For those who did not want to drink (one Yale undergraduate said of the Keg Suck, "To be honest, sprinting and booting never really appealed to me."), the weekend featured Communiversity Day, a carnival for university and New Haven residents that included a social service bazaar, comedians, bands, a moonwalk, a dunk tank and free food.

There was also a university-wide cookout and Spring Fling, a performance which included dance troupes, campus bands, comedy groups and Too Much Joy, a regional band.

The University of Pennsylvania also holds an annual Spring Fling in Philadelphia. Campus bands played on two different stages in the quadrangles and vendors sold refreshments to the students.

The theme for this year's fest was "Three Ring Fling," and included a carnival with a ferris wheel and other rides, a velcro wall and a sumo wrestling cage where students clothed in heavy sumo costumes threw themselves at each other. Living Colour was supposed to play, but they were rained out.

Cornell's Spring Fest takes place on the last day of classes. The University pays for bands that play throughout the day and provides free refreshments for students.

Students call the day Slope Day because of the tradition of students gathering together and drinking beer on Libe Slope instead of attending classes

The University of Maine holds Bumstock and Maine Day. Kay Hyatt, director of news services at the University of Maine, said Bumstock is an outdoor music festival and Maine Day is devoted to involving students and faculty in community service projects,

Maine Day ends with a free barbeque and an oozeball (volleyball in six inches of mud) tournament.

Amherst College's Spring Weekend is a three day event that featured Bobcat Goldwaithe, Mare O'Connell and the Great Drive-In Movie.

Although cold weather forced the drive-in movie (Dracula and Aladdin) indoors, "It was still fun," said Jonathan Lehr, the assistant to the director of student activities.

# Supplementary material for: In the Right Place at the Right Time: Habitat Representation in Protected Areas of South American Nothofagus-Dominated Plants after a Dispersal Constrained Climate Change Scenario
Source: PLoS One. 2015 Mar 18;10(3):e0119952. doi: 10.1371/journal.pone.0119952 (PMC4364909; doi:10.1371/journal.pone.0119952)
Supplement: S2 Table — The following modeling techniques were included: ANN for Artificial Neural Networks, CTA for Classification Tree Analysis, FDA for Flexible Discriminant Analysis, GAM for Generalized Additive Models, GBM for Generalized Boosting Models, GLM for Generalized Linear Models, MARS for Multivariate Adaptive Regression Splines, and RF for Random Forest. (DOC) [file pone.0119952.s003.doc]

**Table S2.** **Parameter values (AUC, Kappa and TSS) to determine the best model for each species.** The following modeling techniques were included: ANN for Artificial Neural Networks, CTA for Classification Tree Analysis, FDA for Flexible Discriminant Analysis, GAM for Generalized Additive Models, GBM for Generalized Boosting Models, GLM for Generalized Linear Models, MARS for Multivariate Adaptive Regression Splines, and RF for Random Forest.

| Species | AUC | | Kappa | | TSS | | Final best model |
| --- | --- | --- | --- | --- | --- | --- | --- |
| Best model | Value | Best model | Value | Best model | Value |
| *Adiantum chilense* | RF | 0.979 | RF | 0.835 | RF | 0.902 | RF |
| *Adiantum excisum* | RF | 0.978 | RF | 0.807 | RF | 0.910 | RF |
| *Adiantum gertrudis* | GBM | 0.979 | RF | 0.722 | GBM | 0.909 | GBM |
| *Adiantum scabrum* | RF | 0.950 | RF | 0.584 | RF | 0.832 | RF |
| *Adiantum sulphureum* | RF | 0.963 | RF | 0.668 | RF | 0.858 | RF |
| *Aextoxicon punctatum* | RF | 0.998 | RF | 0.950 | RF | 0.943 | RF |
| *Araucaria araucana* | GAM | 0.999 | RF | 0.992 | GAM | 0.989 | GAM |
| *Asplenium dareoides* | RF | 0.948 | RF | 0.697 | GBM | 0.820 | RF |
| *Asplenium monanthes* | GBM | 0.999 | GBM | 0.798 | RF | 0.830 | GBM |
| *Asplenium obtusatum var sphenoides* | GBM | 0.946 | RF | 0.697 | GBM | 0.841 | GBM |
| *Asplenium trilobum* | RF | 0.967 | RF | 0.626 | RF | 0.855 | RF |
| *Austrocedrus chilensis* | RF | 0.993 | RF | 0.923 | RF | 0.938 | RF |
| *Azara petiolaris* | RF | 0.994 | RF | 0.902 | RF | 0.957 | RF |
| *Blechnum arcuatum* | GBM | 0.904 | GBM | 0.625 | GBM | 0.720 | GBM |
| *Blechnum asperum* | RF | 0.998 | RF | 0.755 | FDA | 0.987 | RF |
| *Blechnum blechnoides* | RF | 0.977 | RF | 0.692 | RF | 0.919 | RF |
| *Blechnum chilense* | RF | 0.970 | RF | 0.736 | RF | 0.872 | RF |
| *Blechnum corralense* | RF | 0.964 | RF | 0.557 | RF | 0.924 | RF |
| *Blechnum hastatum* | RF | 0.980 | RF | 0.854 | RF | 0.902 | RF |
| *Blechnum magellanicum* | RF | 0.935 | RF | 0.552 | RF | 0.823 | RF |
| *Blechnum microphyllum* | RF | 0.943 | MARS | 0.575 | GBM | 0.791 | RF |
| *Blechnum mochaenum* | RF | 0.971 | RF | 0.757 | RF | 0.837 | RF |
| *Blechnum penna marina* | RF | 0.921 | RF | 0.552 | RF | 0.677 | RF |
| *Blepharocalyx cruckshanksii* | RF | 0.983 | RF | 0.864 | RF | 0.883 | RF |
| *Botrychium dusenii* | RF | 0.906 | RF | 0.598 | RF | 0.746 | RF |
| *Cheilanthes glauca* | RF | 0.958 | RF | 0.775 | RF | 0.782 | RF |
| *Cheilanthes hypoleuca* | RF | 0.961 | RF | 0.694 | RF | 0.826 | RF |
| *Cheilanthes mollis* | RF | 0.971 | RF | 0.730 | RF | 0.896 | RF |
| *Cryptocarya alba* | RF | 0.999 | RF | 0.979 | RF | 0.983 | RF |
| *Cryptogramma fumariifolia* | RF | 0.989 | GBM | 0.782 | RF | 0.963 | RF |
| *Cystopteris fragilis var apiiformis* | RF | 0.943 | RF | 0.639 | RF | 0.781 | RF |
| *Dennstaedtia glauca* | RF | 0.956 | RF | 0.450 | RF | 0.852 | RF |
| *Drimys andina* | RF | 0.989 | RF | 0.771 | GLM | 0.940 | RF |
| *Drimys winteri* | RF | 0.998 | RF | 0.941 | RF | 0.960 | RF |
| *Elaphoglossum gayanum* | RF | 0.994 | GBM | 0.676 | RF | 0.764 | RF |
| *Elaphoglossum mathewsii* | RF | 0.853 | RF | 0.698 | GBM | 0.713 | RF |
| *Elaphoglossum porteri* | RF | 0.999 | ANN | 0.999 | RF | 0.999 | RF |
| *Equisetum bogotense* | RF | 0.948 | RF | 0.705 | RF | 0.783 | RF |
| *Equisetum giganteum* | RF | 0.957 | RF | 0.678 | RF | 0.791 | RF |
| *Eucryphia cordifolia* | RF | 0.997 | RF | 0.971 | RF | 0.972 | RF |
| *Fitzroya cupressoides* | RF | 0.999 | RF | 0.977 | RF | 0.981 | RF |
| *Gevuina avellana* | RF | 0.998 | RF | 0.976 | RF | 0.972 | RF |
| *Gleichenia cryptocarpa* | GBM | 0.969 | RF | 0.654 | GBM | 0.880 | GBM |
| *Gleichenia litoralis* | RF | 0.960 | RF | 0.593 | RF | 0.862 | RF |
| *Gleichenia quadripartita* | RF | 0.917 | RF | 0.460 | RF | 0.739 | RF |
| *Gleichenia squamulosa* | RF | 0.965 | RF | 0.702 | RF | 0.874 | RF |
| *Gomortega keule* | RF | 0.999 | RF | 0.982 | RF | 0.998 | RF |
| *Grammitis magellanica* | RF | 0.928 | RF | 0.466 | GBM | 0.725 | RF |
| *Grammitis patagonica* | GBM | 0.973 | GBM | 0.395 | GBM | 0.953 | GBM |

The Spin Doctors played at Amherst College a few weeks earlier as part of the Spring Celebration. Poi Dog Pondering and others have played at Amherst's Spring Weekend in the past.

Amherst spent over $10,000 on the Weekend, not including the Spin Doctors concert.

Boston University sponsors an annual week-long World Fair. This year's theme was "Unmask the World," Carol Godwin, public relations associate for BU said.

The Fair included Carnivale '93, an outdoor international food fair, the Grand Ball Internazionale, a dance ball, an international fashion show and the International Gala, a program of various ethnic performances.

Duke University does not have one specific spring weekend, according to Beth Budd, assistant director for programming for Duke. Instead, Duke and its Greek houses hold special weekends throughout the term such as Greek Week and Derby Day.

Spring Fest, one of these special weekends, is a large food, crafts and acoustic music fair. There is also a free concert at night by bands such as Drivin-n-Cryin and other regional bands.